Hazards posed by these chemical additives are in addition to those posed by naturally occurring constituents of produced water, such as salts, heavy metals, volatile organic compounds, hydrocarbons and naturally occurring radioactive materials. The authors also note that they found many chemicals in use that were considered low-risk for human and environmental exposures.

The study was the outgrowth of research published in 2015 to bring California in compliance with the state's 2013 Senate Bill 4. In addition to requiring disclosure of chemical use in hydraulic fracturing and two other types of well stimulation treatments, the bill mandated an independent scientific study to identify and describe the hazards, risks and impacts of hydraulic fracturing and oil and gas development throughout the state.

Shonkoff, who is also a visiting scholar at the University of California, Berkeley, and an affiliate of Berkeley Lab, was the lead author on the public health portion of that report, which was produced on behalf of the California Council on Science and Technology.

"When we evaluated the reported hydraulic-fracturing chemicals, we saw numerous other chemicals that were unaccounted for in the disclosures," Shonkoff said. "We saw that there's a lot we don't know about the chemicals used in non-hydraulic fracturing events in oil and gas fields - that information gap can put the public's health at risk."

Research paper

OIL AND GAS
US wants 'strong' Saudi Arabia: Mattis
Riyadh (AFP) April 19, 2017
The United States wants to see a strong Saudi Arabia, Defence Secretary Jim Mattis said during talks Wednesday aimed at reinvigorating the Riyadh-Washington alliance. Mattis, meeting the most powerful figures in the Saudi capital, also hinted that President Donald Trump could visit the kingdom, a longtime US ally which has welcomed Washington's firmer line against common adversary Iran. ... read more

Related Links
PSE Healthy Energy
All About Oil and Gas News at OilGasDaily.com

Thanks for being here;
We need your help. The SpaceDaily news network continues to grow but revenues have never been harder to maintain.

With the rise of Ad Blockers, and Facebook - our traditional revenue sources via quality network advertising continues to decline. And unlike so many other news sites, we don't have a paywall - with those annoying usernames and passwords.

Our news coverage takes time and effort to publish 365 days a year.

If you find our news sites informative and useful then please consider becoming a regular supporter or for now make a one off contribution.

SpaceDaily Contributor
$5 Billed Once


credit card or paypal
SpaceDaily Monthly Supporter
$5 Billed Monthly


paypal only

Comment using your Disqus, Facebook, Google or Twitter login.

Share this article via these popular social media networks
del.icio.usdel.icio.us DiggDigg RedditReddit GoogleGoogle

OIL AND GAS
Degradable electronic components created from corn starch

Towards more efficient biofuels by making oil from algae

Algal residue - an alternative carbon resource for pharmaceuticals and polyesters

For Palestinian family, an udder-ly unique power source

OIL AND GAS
Center for Sustainable Energy Partners with EnergySage to Offer an Online Multifamily Solar Marketplace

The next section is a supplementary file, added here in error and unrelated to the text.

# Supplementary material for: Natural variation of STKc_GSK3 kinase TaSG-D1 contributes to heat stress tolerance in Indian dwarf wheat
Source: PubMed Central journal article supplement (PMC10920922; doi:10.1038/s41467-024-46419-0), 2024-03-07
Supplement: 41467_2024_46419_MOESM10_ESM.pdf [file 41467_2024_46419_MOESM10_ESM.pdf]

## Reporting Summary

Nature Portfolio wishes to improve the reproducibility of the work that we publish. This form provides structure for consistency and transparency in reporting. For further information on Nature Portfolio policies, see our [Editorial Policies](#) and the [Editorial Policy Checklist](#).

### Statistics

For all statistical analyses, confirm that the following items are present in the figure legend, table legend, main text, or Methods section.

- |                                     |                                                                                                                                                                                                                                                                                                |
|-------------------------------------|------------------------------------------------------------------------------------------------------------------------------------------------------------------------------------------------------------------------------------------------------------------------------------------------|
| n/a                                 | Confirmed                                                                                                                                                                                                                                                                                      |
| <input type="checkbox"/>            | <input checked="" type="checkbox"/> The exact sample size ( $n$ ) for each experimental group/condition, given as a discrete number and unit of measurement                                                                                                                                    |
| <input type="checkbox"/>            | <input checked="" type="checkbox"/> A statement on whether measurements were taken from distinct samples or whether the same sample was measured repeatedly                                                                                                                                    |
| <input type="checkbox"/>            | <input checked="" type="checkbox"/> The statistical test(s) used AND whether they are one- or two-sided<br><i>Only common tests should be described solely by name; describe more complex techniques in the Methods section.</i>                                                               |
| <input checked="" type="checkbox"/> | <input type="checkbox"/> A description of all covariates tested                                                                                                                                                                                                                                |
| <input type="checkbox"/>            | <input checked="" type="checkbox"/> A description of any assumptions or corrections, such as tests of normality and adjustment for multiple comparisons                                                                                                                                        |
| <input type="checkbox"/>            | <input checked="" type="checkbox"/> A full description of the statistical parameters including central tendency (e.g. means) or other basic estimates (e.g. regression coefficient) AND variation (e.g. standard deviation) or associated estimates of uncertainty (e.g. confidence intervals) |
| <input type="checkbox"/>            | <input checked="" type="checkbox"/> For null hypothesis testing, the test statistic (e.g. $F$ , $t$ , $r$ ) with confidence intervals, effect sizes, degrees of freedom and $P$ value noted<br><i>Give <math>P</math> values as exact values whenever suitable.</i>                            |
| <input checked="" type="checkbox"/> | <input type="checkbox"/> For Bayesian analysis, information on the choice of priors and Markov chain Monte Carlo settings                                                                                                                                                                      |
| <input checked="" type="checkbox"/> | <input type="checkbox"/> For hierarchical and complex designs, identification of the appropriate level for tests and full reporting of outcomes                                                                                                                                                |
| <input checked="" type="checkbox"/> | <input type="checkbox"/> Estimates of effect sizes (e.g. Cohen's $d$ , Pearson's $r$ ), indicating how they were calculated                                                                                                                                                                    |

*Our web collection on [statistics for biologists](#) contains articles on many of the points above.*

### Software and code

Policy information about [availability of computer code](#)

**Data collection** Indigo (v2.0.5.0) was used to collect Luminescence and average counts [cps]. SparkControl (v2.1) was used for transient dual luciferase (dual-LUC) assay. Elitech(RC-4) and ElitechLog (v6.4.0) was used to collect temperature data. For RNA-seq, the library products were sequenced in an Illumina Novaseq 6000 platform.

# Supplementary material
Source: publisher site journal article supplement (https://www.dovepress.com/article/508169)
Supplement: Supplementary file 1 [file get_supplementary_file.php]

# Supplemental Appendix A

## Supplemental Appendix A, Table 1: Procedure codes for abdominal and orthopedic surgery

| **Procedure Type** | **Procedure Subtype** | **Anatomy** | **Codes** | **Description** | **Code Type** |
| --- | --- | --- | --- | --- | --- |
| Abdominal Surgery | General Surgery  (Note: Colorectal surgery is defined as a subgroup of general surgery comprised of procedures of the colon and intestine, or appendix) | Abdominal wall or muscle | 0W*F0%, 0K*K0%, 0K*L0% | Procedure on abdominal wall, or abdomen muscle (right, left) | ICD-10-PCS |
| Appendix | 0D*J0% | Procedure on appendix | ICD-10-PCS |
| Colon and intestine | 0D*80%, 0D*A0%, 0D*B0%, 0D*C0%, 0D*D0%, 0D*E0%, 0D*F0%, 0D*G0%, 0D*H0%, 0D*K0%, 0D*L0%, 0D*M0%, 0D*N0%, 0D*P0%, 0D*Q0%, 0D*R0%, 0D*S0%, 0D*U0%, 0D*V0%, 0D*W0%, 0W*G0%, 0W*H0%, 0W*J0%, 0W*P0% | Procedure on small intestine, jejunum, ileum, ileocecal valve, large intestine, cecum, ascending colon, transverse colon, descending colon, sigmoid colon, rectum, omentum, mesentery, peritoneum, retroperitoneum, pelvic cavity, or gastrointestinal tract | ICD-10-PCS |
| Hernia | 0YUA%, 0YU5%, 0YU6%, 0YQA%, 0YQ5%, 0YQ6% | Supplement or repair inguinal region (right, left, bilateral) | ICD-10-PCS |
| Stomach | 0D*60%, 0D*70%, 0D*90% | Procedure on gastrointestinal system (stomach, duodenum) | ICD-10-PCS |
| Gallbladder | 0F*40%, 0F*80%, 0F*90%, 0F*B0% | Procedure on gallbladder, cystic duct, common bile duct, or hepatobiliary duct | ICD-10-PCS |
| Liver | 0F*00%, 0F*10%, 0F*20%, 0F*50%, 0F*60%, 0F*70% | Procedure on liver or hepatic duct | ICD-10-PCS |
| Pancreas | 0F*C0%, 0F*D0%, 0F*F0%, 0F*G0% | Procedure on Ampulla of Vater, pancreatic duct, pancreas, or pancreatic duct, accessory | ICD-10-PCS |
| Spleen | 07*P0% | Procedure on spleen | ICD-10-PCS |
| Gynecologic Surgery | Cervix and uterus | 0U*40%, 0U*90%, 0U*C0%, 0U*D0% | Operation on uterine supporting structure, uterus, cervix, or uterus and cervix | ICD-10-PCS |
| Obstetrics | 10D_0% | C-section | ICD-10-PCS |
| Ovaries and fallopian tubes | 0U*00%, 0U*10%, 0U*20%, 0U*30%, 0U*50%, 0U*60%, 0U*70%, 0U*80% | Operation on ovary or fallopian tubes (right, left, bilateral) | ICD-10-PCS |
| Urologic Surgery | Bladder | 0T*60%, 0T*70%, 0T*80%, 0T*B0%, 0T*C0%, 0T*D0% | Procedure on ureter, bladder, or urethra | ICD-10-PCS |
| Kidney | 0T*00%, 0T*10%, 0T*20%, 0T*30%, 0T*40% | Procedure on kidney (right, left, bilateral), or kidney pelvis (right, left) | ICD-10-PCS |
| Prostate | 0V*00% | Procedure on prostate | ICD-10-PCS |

Powerpedia Forms Nonprofit to Provide Free Solar Systems to Orphanages Throughout Baja Mexico and Beyond

Mechanism behind the electric charges generated by photosynthesis

Swedish leading solar energy technology provider Midsummer offers complete BIPV metal roof systems

OIL AND GAS
Oklahoma to end tax credits for wind energy

German power company examining new wind energy options.

Canada sees emerging role for wind energy

U.N. says low-carbon economy not a "pipe dream"

OIL AND GAS
AREVA NP Signs Contract for Outage Services at Farley Nuclear Generating Station

AREVA and KAZATOMPROM sign a strategic agreement

S.Africa to re-think nuclear deal after junk status : ANC

France enshrines decision to close oldest nuclear plant

OIL AND GAS
Models, observations not so far apart on planet's response to greenhouse gas emissions

Drought, conflict and famine in Africa

How ENSO and Atlantic ADO impact East Asian winter monsoon

Plants have been helping to offset climate change, but now it's up to us

OIL AND GAS
GM to ramp up self-driving effort in Silicon Valley

Uber says growth strong as it gives a peek at earnings

Tesla's Musk announces plans for semi-truck launch

Apple gets permit to test self-driving cars

OIL AND GAS
Mosul op has displaced nearly half a million: UN

Iraqi Christians mark first post-IS Easter in recaptured town

Iraq forces make Mosul gains, but anti-IS war far from over

Iraq's Sadr warns Assad could share Kadhafi's fate

OIL AND GAS
Volleyball games at N.Korean nuke test site: monitor

Japan could rescue nationals in Korean crisis: defence chief

US, China working 'closely' on North Korea: Mattis

US carrier strike group still far from N. Korea: official




Memory Foam Mattress Review
Newsletters :: SpaceDaily :: SpaceWar :: TerraDaily :: Energy Daily
XML Feeds :: Space News :: Earth News :: War News :: Solar Energy News






The content herein, unless otherwise known to be public domain, are Copyright 1995-2017 - Space Media Network. All websites are published in Australia and are solely subject to Australian law and governed by Fair Use principals for news reporting and research purposes. AFP, UPI and IANS news wire stories are copyright Agence France-Presse, United Press International and Indo-Asia News Service. ESA news reports are copyright European Space Agency. All NASA sourced material is public domain. Additional copyrights may apply in whole or part to other bona fide parties. All articles labeled "by Staff Writers" include reports supplied to Space Media Network by industry news wires, PR agencies, corporate press officers and the like. Such articles are individually curated and edited by Space Media Network staff on the basis of the report's information value to our industry and professional readership. Advertising does not imply endorsement, agreement or approval of any opinions, statements or information provided by Space Media Network on any Web page published or hosted by Space Media Network. Privacy Statement